(The same word’s use for plants was also narrowed down from an even older use for the word, for various things that come in numerous small pieces, such as salt, which is why salted beef is still called “corned beef”.)

    • MarcoP

      Hello Derek,
      the horns of Taurus are peculiar. Pal. Germ. 298 is the best match for the whole zodiac cycle: as you noted, it is close to the Voynich ms also in this detail. I have seen a few other examples, but I did not taken notes, so I had to browse through the online images again. I attach four more examples (including the ms just mentioned by Rene):
      1. Heidelberg, Cod. Pal. germ. 148, Biblia pauperum, S. Germany, 1430-1450
      2. Rome, BAV, ms Pal lat. 1369, Astrological miscellany, S. Germany, 1444
      3. ms Vat.Lat.14935, France, 1450 ca
      4. Deutscher Kalender, 2° Cod. ms. 578, S. Germany, 1474-5
      (See also the horns of the Soissons Aries above).

    • MarcoP

      PS: Thank you for pointing out the potential ambiguity of “ear of corn”! I confirm that it was not meant to refer to maize, but to a generic cereal. I think the expression is widely used in the context of astrology: a field that apparently did not update its lexicon since before the discovery of America 🙂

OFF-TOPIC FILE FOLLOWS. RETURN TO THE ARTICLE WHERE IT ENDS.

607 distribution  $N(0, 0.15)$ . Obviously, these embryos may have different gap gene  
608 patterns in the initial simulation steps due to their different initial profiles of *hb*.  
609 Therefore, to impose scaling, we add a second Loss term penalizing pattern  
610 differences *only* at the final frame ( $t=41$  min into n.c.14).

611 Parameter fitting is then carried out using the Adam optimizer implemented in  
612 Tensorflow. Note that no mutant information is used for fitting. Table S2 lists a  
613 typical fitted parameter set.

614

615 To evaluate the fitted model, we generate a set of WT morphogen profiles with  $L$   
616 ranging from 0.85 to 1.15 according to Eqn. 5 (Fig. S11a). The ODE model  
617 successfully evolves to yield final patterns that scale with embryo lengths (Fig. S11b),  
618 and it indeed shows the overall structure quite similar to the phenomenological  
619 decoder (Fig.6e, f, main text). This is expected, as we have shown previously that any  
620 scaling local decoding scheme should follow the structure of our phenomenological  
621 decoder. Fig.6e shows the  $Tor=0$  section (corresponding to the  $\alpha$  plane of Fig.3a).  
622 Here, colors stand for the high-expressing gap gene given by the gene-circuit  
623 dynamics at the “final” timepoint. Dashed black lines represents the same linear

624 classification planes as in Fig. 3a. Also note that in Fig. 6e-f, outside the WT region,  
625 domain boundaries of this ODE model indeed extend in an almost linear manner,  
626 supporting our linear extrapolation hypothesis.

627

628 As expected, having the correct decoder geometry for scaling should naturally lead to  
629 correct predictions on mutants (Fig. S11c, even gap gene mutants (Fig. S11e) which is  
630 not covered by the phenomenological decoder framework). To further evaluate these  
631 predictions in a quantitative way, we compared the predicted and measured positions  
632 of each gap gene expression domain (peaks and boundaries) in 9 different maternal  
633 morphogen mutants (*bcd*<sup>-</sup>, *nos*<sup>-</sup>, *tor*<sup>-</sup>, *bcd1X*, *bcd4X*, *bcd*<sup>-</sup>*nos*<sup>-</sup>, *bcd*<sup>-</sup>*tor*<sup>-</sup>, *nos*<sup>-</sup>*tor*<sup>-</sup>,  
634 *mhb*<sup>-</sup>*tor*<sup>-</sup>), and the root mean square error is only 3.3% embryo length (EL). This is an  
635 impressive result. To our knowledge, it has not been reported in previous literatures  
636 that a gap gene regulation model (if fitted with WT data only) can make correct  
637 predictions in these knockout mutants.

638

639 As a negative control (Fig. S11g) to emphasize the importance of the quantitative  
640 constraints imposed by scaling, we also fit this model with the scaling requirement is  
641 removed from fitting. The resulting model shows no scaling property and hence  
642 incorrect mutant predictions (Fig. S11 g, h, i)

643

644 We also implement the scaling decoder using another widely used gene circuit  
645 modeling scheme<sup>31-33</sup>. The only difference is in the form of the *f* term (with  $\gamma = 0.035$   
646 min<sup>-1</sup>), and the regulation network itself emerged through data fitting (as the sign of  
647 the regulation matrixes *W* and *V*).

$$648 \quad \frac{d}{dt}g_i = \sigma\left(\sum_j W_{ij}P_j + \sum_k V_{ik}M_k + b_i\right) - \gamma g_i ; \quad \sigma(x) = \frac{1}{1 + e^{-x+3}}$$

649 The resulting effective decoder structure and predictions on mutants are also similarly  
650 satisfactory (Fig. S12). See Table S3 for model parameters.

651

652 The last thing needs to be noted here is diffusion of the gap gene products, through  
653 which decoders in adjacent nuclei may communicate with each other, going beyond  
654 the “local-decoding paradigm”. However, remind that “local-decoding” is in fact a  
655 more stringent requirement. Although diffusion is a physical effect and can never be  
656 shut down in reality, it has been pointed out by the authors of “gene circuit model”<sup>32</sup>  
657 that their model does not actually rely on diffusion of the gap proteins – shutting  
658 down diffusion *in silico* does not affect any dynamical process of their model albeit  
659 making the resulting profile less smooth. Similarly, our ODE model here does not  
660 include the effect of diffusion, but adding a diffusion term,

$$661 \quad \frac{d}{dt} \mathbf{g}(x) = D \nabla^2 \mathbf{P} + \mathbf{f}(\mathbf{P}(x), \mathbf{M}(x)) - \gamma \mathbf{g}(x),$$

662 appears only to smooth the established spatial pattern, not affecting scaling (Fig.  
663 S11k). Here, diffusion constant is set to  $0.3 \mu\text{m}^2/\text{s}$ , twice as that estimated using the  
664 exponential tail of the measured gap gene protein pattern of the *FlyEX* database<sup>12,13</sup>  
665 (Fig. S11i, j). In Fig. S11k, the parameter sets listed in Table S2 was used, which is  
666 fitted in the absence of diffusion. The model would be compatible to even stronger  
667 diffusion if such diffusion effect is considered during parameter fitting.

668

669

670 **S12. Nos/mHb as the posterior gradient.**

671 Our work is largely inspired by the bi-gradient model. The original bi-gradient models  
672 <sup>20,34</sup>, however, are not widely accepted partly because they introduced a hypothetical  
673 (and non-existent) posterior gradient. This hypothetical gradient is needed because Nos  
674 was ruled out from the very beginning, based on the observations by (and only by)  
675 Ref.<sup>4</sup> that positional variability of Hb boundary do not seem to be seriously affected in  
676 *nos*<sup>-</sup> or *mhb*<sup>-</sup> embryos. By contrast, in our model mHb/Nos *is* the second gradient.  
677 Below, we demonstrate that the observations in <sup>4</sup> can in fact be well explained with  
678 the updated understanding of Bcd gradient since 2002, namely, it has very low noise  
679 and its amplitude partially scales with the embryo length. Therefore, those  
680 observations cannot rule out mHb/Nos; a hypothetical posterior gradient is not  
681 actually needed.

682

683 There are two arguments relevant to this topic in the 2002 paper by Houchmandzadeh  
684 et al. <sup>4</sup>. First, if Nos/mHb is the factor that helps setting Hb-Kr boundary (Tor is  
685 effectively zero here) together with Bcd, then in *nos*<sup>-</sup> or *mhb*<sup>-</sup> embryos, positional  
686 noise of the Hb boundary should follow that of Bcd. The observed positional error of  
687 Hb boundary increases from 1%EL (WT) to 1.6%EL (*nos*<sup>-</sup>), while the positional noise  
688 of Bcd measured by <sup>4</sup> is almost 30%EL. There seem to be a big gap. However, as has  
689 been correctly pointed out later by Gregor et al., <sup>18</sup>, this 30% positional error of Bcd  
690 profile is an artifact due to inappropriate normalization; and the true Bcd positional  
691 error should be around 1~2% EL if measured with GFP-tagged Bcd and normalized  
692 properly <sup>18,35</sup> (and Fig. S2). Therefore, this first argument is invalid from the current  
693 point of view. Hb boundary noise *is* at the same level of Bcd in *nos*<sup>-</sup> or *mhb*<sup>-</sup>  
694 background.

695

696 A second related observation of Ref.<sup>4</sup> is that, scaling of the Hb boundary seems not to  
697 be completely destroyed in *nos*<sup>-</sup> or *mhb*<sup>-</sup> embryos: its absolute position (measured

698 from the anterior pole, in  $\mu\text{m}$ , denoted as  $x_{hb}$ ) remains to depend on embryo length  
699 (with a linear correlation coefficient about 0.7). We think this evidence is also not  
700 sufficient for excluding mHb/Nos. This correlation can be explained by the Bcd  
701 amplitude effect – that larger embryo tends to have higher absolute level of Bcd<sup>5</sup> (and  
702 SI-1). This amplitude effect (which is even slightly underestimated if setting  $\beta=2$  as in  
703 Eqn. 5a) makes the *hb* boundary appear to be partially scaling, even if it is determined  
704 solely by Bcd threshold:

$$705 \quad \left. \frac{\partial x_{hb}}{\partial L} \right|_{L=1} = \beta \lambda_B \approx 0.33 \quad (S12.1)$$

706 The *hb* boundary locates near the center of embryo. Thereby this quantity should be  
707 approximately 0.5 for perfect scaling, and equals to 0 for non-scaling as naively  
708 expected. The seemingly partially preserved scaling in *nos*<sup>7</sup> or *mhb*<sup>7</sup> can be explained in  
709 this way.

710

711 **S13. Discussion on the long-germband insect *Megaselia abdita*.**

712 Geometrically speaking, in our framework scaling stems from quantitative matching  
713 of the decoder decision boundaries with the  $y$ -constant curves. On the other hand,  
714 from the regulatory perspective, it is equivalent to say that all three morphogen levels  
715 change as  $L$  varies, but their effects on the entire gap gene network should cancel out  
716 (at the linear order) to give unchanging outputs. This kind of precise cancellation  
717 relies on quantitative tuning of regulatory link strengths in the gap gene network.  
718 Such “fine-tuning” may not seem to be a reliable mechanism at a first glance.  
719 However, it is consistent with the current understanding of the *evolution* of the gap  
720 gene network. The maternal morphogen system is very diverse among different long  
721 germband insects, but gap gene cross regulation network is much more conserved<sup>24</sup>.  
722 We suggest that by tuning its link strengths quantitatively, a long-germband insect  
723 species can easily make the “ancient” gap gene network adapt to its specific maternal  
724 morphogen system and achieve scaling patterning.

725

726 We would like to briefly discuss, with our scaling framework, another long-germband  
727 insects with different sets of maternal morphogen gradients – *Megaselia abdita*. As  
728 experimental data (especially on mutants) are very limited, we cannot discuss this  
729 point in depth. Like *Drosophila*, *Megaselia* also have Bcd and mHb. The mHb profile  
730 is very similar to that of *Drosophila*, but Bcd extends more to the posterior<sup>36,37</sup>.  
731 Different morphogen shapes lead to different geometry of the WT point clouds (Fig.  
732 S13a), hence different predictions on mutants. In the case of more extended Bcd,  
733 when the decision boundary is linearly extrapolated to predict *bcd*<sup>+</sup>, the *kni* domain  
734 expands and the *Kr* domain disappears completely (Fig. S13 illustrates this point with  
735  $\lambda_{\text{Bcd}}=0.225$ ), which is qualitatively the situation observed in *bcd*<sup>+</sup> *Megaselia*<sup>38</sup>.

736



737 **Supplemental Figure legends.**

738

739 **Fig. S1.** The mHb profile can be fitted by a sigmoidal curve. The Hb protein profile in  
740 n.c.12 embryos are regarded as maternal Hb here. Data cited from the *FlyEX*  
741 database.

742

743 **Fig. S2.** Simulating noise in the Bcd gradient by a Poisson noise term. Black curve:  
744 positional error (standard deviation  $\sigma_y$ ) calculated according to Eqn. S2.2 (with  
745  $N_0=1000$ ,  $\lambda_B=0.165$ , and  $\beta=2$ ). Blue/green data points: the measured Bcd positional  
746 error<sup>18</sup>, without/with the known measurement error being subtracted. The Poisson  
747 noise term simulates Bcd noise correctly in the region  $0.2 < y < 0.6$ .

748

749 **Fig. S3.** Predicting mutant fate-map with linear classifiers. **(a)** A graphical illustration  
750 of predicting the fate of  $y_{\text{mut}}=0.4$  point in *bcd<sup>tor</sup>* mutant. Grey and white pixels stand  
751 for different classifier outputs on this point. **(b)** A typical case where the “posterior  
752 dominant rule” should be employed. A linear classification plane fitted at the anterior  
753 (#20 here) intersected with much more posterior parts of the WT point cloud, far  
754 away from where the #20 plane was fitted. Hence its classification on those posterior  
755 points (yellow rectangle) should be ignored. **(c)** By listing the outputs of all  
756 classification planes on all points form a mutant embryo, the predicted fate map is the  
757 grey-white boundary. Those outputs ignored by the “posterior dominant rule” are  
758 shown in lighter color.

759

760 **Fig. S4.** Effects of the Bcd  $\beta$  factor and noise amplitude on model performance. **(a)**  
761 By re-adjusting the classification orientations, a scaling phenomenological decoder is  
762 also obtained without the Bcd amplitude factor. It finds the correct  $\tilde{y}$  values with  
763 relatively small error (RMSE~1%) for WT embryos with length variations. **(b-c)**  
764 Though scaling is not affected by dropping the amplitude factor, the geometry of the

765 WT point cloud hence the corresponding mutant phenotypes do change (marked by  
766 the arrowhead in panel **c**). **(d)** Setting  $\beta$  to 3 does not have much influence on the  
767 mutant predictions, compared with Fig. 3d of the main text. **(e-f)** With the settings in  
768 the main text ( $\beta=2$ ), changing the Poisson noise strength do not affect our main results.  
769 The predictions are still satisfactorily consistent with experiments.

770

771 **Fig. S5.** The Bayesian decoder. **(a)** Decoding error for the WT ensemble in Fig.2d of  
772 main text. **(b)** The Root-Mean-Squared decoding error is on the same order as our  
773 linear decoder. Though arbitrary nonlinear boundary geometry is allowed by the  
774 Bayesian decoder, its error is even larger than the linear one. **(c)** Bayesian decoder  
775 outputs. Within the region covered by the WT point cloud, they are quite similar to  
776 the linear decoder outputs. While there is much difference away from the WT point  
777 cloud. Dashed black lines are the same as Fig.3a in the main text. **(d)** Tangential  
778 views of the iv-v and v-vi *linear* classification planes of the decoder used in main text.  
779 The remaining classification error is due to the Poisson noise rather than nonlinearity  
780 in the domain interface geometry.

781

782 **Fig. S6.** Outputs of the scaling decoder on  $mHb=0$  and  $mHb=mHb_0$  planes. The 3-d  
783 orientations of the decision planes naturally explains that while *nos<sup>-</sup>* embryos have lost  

17. Fantastic!
    Just the amount of work to collect all these images…

    Will you maintain a top 10? Inevitably, new MSs will be found.
    In fact, my first addition would be Vat.Lat.14935, an extraordinary MS with a zodiac that could score some points:

    • MarcoP

      Hello Rene, thank you for your kind words!
      I agree on the opportunity of maintaining a top 10, I really hope that new parallels will be found! I would be interested in other people independently computing matching percentages: however “quantitative” one tries to be, there always is a certain amount of subjectivity in visual analysis.
      Maybe I should add that I know that this research is far from being exhaustive: there must be thousands of ancient zodiac cycles around the world. It was not my intention to examine them all.

      For the specific case of Vat.Lat.14935, it seems to me to match 8 binary characters (4 of which from Virgo): 40%.
      In general, I think the most telling zodiac signs are: grazing Aries, Gemini as lovers, lizard-like Scorpio, human Sagittarius. In my opinion, the presence of at least two of these hints to the possibility of a close cognate of the Voynich zodiac.


  1. Voynich Aries and Greedy Goats... - Cipher Mysteries